Dave Woodard, a senior technician in DAVQ who has worked at BGE for more than 30 years, leads the crew that checks the auto-transfer gear and nearby transformer prior to the Preakness. After he and his team assess these two vital pieces of equipment early in the week leading up to the race, they perform a load test in coordination with Pimlico personnel to measure voltage quality and capacity level.
“They turn everything on,” said Woodard.
The readout: 7,620 volts per feeder phase—as expected—and 350 amps per phase, which is less than 20 percent of transformer capacity when the track’s lights, air conditioning, and anything else that draws power are running at the same time. In advance of the test, the control room for DSO minimizes load on both feeders to open them up for higher demand on race day.
Woodard’s team also inspects the overhead reclosers and ground-mounted reclosers that affect Pimlico. Reclosers briefly shut off a line’s electric supply automatically when a fault is detected. They stay open only if the fault persists. Otherwise, they close again to allow electricity to flow through the circuit, an automated way of preventing prolonged outages from momentary incidents like a tree branch tapping a line.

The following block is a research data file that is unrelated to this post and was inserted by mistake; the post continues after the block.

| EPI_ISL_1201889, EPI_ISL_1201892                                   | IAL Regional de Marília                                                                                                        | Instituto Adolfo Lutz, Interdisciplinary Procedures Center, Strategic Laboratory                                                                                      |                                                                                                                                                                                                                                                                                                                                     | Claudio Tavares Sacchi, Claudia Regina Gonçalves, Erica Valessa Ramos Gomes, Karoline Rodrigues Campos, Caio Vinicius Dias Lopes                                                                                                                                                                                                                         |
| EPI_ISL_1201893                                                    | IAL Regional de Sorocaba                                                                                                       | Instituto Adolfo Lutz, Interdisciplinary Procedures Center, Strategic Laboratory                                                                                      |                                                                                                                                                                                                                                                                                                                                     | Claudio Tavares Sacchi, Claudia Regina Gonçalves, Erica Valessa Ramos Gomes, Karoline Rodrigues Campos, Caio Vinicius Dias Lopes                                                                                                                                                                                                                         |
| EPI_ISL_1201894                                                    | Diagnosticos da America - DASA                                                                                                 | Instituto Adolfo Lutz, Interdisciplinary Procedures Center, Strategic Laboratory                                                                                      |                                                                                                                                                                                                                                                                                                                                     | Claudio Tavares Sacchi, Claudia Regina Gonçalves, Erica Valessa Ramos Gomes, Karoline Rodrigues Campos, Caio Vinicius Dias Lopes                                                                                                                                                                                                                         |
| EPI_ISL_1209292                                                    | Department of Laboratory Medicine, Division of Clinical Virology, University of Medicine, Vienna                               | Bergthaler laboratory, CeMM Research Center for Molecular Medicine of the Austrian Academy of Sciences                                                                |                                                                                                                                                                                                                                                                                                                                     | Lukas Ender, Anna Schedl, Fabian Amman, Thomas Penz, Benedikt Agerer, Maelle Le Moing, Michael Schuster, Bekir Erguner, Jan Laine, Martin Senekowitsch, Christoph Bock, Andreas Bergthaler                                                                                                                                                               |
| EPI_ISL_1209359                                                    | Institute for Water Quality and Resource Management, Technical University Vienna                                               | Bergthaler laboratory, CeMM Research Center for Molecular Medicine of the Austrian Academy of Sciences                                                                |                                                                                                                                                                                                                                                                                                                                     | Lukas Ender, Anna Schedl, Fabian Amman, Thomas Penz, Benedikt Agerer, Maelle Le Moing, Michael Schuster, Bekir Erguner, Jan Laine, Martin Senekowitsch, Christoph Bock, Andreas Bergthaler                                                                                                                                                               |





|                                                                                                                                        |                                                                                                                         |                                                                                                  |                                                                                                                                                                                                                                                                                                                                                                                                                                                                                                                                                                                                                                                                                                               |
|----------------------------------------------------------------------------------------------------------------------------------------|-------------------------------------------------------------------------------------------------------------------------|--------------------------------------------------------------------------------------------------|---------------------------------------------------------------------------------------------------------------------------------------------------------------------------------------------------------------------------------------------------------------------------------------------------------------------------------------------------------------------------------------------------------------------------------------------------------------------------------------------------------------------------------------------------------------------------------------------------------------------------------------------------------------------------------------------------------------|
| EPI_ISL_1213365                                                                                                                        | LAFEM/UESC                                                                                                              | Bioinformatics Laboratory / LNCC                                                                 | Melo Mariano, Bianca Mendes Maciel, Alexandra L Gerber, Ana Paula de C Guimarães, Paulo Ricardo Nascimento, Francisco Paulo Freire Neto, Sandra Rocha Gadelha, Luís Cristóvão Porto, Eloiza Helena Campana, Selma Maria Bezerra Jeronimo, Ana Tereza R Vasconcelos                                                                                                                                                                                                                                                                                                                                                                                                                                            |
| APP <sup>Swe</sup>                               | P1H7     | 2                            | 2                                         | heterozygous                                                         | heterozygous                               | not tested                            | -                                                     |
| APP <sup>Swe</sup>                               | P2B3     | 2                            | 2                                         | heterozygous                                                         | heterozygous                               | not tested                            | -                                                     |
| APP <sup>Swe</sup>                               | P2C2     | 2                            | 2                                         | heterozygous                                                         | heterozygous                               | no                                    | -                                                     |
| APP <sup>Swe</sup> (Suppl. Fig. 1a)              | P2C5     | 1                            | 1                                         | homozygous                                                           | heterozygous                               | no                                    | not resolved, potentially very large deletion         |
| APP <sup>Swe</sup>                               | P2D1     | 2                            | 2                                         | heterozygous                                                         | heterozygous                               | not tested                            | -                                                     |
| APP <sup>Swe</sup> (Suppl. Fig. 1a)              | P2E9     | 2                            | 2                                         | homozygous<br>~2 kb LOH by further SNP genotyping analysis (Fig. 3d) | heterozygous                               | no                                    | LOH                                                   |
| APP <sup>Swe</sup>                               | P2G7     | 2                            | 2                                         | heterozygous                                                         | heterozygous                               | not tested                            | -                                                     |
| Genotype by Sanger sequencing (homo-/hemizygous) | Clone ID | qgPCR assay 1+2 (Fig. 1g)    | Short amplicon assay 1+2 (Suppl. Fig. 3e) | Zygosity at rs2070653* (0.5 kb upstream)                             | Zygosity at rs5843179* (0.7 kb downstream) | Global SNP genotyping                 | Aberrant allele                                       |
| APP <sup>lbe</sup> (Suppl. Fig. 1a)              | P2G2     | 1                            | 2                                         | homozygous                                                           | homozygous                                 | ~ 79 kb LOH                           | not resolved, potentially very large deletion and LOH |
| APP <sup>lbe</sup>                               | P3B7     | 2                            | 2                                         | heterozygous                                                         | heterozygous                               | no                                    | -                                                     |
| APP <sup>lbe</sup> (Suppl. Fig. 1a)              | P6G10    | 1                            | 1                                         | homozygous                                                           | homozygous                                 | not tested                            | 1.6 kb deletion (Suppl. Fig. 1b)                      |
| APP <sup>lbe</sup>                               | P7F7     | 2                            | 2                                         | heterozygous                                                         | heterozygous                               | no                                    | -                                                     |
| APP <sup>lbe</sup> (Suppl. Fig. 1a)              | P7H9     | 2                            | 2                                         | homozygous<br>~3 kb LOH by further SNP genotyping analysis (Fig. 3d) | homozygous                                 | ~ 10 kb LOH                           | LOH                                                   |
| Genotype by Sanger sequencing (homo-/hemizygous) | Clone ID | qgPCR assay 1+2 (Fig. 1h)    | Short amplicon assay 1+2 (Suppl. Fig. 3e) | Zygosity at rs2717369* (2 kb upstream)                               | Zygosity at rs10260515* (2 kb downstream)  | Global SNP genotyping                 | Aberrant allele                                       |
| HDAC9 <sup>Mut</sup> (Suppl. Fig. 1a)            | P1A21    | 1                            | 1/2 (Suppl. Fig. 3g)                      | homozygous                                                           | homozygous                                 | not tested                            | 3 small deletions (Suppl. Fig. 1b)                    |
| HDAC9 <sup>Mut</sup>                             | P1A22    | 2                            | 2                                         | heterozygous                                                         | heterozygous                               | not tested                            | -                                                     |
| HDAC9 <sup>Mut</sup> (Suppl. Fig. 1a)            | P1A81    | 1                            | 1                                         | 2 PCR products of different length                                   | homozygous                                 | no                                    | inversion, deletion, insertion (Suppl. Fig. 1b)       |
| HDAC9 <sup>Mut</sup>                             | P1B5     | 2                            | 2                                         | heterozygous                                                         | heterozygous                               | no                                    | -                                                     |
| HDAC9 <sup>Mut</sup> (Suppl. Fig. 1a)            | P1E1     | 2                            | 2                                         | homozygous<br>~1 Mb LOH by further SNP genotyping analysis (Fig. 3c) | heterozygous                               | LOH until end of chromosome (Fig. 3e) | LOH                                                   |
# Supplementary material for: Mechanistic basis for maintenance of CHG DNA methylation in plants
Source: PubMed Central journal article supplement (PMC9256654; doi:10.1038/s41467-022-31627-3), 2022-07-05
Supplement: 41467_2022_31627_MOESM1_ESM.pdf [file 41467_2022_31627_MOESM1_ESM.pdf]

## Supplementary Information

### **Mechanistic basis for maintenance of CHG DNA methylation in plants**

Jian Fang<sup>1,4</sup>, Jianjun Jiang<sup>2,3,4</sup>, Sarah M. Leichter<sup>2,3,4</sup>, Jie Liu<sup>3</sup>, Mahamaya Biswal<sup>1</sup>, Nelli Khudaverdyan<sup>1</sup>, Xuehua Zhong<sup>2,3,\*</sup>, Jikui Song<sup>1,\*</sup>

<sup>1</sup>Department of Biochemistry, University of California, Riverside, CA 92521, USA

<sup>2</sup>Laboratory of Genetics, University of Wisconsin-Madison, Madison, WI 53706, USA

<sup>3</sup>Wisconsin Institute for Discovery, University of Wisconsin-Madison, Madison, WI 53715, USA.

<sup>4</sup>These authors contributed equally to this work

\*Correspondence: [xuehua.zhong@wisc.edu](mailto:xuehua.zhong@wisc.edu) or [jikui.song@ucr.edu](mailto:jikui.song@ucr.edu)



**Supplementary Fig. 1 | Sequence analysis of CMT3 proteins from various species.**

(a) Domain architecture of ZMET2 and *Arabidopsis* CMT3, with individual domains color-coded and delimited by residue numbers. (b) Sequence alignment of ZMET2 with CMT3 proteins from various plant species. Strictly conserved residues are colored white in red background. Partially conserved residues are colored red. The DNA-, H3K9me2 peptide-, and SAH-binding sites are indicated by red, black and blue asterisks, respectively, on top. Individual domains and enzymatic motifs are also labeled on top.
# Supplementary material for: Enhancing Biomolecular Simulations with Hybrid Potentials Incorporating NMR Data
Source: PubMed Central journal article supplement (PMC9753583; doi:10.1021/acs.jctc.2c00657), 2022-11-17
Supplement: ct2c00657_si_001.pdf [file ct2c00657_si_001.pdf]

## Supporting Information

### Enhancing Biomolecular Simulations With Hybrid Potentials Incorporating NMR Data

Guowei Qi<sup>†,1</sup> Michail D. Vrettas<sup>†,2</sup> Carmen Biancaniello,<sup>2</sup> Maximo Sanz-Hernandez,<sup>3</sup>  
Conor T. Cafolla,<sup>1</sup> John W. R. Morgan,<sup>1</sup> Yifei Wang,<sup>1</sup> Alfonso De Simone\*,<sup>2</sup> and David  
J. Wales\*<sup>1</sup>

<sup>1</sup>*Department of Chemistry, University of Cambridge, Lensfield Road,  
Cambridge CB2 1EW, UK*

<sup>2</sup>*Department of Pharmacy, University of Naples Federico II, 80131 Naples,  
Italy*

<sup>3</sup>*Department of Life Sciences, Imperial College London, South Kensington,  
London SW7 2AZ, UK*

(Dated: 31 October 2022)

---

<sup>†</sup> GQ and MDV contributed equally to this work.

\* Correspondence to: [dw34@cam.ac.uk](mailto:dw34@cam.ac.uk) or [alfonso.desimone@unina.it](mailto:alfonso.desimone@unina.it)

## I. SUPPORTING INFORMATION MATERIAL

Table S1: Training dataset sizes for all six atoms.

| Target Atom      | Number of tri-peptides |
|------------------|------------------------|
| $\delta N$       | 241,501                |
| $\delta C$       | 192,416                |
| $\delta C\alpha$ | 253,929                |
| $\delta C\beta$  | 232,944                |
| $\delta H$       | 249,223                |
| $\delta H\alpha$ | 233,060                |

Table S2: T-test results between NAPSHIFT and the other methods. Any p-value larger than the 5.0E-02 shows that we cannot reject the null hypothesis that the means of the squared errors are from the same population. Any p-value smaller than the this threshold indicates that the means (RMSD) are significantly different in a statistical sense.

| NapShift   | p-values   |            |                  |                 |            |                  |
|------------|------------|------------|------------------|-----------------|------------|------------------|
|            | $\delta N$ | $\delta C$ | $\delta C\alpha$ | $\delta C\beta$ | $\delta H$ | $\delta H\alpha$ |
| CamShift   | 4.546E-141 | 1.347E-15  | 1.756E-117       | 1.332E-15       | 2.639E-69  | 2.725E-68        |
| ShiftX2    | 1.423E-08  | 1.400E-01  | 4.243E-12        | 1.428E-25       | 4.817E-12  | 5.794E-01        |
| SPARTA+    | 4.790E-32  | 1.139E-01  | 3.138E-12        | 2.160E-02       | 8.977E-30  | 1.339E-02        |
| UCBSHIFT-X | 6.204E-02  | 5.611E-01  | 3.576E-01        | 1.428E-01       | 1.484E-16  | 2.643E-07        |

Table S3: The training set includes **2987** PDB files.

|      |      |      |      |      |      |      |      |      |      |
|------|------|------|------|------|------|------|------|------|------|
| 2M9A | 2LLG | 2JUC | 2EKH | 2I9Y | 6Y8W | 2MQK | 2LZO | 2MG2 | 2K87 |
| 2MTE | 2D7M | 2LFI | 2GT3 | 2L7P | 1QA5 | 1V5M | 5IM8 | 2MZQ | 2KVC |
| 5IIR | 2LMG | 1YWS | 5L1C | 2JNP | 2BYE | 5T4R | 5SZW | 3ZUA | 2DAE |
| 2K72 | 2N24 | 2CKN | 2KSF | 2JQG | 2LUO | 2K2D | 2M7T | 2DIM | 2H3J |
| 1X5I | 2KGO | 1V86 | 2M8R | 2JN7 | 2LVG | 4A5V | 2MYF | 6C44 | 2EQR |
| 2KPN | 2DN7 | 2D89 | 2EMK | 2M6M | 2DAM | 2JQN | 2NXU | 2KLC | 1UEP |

But there’s more to reliability than functioning, cutting-edge equipment.
Boots on the ground during the Preakness back up BGE’s comprehensive pre-race preparedness efforts, ready to perform manual work should automated equipment or processes fail.
“We’re here for acts of God,” Woodard said at his eighth Preakness this year. “We have five minutes to fix the problem. At that point Pimlico would switch to generators.”
The DSO control room, operational around the clock every day of the year, holds a morning briefing on restoration plans with supervisors who oversee crews at the track. Just after sunrise, Weber, Woodard and his team, three trouble men, and two DSO supervisors arrive at Pimlico to stage for the day.
Mark Zepp is one of the DSO supervisors, leading crews at the Preakness for the third straight year.
“If something happens, we might know about it first,” said Zepp.
Gas is involved, too. Friday and Saturday of Preakness weekend, the BGE Gas Division positions mechanics nearby the track so they can avoid sprawling event traffic if they respond to an odor call.
The overall Preakness reliability work stretches to field operations across the entire company.
Lessons learned from a prolonged outage at Pimlico on Preakness day in 1998 seeded the robust planning process BGE now uses for the many significant events BGE prepares for and monitors each year.
“It was an aha moment,” said Baynes. “BGE looked at other major events in our service area and asked, ‘what if the lights go out?’”
Two decades later the question has evolved into something more poignant: how do we continually build on the progress we’ve already made?
I’ll Have Another, Little Current, Affirmed, and Real Quiet won the Preakness in 2012, 1974, 1978, and 1998, respectively.